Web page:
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Confused About the Direction of the Markets? You Might Want to Own Gamma

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We’ve certainly seem some wild moves in the markets recently and it certainly be reasonable for an average trader or investor to be confused about the likely direction of stock prices in the near term.

The major averages are clinging to small gains of 1-2% for the year, but they’ve experienced a lot of volatility to get here. The buy-and-hold strategy that has worked so well over the past decade has produced only modest returns lately – and it has been far from stress free.

A strategy to earn additional returns in the options markets during periods of exaggerated news is to own “gamma.” You’ll recall from our discussion of options greeks that delta is the price sensitivity of an option to a move in the underlying and that gamma is the delta sensitivity of an option to a move in the underlying – how much the delta changes when the stock goes up or down.

If you own an option you are long gamma. If you purchase a 50 delta call and the stock rises, the delta of the call increases, making you longer the underlying. If the stock declines, the delta of the option decreases, making you less long the underlying. Just like calls owning puts also makes you long gamma, though obviously the delta works in the opposite direction.

Having a position that increases or decreases exposure to the underlying in the direction that the stock is moving is obviously advantageous, but it comes at a price – time decay. If you own options and the underlying is not moving, they lose a portion of their value as time passes. That time “decay” accelerates as expiration approaches and an option that’s about to expire out-of-money becomes worthless.

In periods like these when the market is not showing a clear directional trend and the effect of news stories and other events cause large moves, owning gamma can be profitable.

The Strangle

If you were to purchase a 2% strangle on (SPY - Free Report) (the S&P 500 Index tracking ETF) – buying one call and one put that are both currently about 2% out of the money – you’d be long gamma. When the index rises, the delta of the call rises and the delta of the put falls, making your exposure to the market longer.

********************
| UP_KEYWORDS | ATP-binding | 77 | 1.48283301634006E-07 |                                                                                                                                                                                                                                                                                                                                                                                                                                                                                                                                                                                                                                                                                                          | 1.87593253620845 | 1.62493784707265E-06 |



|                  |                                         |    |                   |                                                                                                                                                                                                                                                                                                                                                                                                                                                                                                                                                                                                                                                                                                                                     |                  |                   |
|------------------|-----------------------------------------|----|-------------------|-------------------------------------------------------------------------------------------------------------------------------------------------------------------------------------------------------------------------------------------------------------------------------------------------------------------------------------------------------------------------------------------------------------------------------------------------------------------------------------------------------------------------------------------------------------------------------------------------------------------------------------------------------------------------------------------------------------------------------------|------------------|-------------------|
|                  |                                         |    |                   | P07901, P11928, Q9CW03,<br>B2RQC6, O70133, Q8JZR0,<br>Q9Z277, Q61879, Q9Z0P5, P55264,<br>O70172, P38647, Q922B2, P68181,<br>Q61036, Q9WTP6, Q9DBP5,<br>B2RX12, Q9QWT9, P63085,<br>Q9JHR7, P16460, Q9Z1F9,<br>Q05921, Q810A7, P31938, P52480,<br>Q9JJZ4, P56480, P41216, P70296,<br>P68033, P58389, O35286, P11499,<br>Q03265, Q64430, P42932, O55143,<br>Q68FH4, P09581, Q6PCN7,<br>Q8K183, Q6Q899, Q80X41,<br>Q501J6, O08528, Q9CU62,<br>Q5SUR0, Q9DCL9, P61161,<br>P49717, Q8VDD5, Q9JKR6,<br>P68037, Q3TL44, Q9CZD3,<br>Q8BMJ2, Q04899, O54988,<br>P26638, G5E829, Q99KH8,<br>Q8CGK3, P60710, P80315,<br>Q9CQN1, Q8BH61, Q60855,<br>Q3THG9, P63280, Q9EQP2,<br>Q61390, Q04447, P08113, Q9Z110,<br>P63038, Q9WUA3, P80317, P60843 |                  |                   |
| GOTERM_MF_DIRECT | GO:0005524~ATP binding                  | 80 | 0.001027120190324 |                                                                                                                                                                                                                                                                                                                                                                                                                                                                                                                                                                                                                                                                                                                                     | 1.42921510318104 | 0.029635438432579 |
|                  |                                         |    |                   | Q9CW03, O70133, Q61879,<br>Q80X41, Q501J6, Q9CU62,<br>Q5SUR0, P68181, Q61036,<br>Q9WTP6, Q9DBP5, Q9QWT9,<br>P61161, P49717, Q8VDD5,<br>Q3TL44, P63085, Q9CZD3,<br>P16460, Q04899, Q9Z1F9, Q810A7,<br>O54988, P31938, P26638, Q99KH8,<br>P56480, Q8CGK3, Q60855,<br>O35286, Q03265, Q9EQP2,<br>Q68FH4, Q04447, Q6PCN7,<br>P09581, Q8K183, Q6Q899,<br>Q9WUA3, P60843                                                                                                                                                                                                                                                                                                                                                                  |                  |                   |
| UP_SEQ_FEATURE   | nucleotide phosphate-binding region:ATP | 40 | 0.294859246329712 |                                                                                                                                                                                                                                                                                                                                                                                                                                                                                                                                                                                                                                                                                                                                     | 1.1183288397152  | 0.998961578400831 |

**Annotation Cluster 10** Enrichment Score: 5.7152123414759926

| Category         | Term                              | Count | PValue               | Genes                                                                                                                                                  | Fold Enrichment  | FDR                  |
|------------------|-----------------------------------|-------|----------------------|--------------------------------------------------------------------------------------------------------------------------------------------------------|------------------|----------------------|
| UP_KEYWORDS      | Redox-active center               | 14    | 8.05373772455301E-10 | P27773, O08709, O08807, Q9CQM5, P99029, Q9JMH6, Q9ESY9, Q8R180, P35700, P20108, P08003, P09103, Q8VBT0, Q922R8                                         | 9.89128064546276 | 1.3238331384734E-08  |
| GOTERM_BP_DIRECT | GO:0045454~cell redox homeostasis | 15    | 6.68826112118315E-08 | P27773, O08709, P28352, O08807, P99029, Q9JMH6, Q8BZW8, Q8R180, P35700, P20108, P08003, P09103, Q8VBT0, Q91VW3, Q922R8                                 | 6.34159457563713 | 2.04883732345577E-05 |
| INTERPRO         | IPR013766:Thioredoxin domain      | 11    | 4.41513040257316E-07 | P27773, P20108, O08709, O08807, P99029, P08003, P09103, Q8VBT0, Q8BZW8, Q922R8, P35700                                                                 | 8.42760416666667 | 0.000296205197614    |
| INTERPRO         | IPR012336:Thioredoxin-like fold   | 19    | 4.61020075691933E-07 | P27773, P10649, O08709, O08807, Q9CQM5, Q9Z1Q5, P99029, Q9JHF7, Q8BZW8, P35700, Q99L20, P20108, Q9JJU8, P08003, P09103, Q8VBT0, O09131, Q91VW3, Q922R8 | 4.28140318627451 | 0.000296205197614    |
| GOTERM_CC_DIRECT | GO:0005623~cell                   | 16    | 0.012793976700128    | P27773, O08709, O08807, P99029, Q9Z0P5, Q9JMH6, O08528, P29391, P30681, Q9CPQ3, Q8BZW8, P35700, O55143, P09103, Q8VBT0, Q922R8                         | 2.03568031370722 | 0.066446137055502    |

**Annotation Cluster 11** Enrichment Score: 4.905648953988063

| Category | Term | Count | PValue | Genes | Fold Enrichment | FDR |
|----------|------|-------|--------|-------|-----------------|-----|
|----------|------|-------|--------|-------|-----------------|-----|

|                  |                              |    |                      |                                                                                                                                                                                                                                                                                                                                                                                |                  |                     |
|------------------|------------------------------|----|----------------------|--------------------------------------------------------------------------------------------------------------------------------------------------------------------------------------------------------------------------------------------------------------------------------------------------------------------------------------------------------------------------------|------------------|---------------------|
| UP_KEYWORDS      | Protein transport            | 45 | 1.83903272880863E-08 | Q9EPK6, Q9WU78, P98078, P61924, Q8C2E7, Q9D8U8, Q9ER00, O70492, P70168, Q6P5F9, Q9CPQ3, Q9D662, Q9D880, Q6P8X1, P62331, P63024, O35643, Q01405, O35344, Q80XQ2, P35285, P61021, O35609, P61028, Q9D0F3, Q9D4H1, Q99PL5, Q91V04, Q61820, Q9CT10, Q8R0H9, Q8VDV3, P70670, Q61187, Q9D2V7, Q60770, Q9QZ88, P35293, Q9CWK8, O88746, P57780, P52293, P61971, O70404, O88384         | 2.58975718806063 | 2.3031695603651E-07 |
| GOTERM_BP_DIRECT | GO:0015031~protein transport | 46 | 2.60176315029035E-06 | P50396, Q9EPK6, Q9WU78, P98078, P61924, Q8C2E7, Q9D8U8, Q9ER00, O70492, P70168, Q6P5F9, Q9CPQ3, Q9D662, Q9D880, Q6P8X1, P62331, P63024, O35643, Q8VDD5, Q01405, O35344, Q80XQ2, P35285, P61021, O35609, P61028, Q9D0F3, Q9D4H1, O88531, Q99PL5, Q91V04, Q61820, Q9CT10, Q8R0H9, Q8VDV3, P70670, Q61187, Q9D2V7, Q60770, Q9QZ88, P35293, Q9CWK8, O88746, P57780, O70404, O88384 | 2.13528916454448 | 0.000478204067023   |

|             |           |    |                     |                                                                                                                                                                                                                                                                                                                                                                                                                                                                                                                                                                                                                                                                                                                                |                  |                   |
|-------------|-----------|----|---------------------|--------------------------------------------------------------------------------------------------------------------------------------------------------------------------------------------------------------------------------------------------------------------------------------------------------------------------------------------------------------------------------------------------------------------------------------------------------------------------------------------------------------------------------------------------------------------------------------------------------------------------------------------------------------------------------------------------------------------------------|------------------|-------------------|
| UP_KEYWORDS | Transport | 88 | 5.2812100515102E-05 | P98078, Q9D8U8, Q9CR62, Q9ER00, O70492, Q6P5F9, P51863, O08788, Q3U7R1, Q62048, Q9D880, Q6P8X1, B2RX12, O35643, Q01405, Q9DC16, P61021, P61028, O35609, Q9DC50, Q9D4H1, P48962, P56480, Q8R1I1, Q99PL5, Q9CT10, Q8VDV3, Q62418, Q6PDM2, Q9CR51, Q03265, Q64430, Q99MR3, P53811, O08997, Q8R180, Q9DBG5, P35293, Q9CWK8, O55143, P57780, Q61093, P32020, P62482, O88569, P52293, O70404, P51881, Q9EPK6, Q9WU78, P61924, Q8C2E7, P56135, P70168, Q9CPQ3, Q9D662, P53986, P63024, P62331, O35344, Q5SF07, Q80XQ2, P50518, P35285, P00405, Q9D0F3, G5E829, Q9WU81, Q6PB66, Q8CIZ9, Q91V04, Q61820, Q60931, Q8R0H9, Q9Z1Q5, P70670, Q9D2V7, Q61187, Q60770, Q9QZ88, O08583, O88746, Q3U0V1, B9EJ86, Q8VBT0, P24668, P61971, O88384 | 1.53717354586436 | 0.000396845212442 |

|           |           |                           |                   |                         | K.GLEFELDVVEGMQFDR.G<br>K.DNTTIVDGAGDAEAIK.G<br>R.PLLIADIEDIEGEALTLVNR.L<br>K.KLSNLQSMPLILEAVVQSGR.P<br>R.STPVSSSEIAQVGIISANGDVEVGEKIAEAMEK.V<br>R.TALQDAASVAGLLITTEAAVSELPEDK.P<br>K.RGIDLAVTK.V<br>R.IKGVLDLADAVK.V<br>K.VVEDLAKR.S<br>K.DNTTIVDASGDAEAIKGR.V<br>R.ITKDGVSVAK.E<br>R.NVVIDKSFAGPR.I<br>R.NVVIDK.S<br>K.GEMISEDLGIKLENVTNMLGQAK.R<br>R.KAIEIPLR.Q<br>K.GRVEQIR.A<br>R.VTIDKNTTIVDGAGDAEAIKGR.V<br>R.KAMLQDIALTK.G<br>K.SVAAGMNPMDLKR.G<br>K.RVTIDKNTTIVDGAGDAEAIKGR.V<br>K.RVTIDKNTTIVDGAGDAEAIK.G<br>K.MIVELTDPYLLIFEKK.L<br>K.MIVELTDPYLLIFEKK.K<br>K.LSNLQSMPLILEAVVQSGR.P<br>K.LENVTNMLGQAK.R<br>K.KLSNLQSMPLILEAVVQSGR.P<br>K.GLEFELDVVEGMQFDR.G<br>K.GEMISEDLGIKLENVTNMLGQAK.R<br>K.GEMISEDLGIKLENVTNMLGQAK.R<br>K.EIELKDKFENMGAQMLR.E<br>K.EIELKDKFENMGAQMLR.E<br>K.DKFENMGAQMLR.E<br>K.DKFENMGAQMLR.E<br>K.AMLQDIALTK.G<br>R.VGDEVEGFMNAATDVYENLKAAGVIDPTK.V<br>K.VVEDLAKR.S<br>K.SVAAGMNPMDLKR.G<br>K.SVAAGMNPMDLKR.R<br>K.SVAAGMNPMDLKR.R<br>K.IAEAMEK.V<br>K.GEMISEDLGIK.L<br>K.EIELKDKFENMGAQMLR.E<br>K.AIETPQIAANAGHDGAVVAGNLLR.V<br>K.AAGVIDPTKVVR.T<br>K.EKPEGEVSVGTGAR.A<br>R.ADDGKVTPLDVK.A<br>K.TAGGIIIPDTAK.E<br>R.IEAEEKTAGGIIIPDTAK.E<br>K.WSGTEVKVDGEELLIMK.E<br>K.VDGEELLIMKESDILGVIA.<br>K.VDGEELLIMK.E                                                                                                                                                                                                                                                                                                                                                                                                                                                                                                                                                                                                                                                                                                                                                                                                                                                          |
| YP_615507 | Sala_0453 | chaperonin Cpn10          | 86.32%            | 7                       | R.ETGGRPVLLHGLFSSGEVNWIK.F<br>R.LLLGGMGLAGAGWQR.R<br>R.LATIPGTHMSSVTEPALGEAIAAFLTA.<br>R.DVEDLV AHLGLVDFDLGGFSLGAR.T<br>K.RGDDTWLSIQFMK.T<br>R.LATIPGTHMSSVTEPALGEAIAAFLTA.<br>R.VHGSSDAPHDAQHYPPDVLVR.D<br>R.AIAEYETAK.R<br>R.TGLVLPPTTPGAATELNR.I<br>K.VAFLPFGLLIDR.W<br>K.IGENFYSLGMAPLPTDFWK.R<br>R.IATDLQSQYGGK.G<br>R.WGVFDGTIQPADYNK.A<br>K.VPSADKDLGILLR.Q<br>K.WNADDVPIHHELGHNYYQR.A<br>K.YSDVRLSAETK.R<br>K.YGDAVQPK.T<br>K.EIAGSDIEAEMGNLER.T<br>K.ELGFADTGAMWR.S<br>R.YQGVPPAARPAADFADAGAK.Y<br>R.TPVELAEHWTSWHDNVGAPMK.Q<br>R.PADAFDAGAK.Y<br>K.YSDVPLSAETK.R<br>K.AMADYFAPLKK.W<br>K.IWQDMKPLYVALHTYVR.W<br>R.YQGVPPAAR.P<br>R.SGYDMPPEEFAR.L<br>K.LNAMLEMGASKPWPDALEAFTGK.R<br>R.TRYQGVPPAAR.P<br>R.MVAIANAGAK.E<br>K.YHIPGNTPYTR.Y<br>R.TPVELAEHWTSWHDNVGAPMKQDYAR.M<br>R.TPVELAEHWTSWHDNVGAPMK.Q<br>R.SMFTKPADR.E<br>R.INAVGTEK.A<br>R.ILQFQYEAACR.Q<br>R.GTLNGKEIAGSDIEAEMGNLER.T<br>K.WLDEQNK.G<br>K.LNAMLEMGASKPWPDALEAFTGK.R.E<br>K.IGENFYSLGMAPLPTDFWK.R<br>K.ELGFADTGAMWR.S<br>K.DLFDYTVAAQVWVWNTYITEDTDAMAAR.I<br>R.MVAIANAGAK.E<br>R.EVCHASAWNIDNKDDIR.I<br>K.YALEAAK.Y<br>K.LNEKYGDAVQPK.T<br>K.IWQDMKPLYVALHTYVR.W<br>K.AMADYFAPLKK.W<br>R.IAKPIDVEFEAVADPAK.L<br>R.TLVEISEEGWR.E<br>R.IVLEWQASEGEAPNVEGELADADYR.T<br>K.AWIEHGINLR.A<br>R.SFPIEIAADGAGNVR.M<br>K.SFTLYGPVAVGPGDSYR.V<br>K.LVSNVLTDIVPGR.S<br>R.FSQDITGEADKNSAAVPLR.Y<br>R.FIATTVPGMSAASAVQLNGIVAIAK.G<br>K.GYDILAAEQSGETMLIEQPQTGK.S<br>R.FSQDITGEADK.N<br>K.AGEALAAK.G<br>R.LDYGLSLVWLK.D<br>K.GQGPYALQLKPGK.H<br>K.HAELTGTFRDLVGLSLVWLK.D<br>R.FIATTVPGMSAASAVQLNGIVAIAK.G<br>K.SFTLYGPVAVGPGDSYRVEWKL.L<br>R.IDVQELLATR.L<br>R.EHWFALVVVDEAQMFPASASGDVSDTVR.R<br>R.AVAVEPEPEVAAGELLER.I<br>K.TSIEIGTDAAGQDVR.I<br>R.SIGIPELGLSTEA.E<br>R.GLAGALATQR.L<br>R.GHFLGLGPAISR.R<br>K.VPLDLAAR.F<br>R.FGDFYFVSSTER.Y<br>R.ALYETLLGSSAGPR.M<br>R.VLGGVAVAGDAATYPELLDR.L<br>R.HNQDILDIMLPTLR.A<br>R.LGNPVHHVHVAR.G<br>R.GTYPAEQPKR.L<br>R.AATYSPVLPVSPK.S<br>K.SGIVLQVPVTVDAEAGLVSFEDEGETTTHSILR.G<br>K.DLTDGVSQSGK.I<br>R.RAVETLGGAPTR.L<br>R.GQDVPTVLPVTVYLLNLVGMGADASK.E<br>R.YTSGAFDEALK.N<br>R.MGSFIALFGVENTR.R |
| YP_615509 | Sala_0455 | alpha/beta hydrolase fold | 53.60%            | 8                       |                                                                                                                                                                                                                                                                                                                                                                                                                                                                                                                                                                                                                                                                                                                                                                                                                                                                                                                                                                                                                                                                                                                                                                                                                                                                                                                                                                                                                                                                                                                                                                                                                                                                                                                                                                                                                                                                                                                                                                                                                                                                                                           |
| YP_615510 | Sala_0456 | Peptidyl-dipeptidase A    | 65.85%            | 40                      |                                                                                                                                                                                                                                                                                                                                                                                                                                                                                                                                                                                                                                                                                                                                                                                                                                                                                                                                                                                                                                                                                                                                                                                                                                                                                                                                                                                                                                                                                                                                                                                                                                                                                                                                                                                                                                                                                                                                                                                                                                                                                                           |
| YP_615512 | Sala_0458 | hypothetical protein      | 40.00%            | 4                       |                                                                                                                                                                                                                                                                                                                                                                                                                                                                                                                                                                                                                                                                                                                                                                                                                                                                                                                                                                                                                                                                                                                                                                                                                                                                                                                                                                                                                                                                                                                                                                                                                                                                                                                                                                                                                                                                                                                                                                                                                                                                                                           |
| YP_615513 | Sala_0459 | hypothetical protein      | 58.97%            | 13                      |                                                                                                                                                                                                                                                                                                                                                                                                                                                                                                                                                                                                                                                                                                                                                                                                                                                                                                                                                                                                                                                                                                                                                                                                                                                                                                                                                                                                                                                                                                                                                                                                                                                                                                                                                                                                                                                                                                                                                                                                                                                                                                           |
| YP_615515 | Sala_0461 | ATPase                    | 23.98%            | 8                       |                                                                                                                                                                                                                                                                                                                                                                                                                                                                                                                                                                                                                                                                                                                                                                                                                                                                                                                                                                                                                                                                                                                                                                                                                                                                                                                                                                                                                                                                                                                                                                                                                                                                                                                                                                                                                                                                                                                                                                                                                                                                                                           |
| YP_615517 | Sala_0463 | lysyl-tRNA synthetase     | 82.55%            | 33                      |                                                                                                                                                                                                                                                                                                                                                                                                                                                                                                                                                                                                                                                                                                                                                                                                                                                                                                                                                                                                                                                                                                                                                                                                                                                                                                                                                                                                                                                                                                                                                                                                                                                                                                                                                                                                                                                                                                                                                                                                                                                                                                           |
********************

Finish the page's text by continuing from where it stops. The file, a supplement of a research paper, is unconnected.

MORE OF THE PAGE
When the index falls, the opposite happens and you are shorter the market.

In the options that expire on January 19th, the total cost of buying the 261 strike put and the 273 strike call would be approximately $7.25. That’s the most you stand to lose on the trade if both options expire worthless.

A conventional options p/l diagram for the trade would look like this:

It shows that you stand to make unlimited profits in either direction if the SPY moves significantly and profits on the trade start if SPY moves outside the strikes by more than $7.25/share, but that’s only if you hold the trade to expiration.

If the market moves up and down frequently between now and expiration, you can still make money on the trade even if it doesn’t finish below $253.75 or above $280.25.

If you wake up one morning and a particularly positive of negative development has occurred that’s causing the market to rise or fall quickly, one of your options will appreciate much more quickly than the other depreciates because of the effect of gamma.

Let’s look at a big down move first.

If the S&P 500 opened down 2% tomorrow, $259/share at the time of this writing, the 261 put would be likely be worth somewhere around $8. You’d have a few choices. You could hold the trade to see if it continues to go your way, or sell the put for a profit and continue to hold the 273 call which will appreciate if the market rallies,

Or you could buy stock at $259/share. That would lock in $2 of profit, bring your cost basis on the trade down to $5.25, while preserving more upside potential.

If the SPY were to subsequently rally back to $267/share by expiration, you’d sell the 100 shares you bought at an $8 profit, the options would expire worthless and you’d have a modest $0.75 profit on the entire trade.

If, however SPY rallied all the way to $280/share – which is only 8% off the lows and less than 5% above the $267 level where you initiated the trade, you’d have 200 shares to sell (the 100 you bought, plus 100 from the 273 call) and a profit of $20.25.

Basically, owing the strangle and the gamma allow you to buy shares on declines and sell them on rallies while still knowing what your absolute worst-case scenario risk is.

In choppy markets, that’s a good position to be in.

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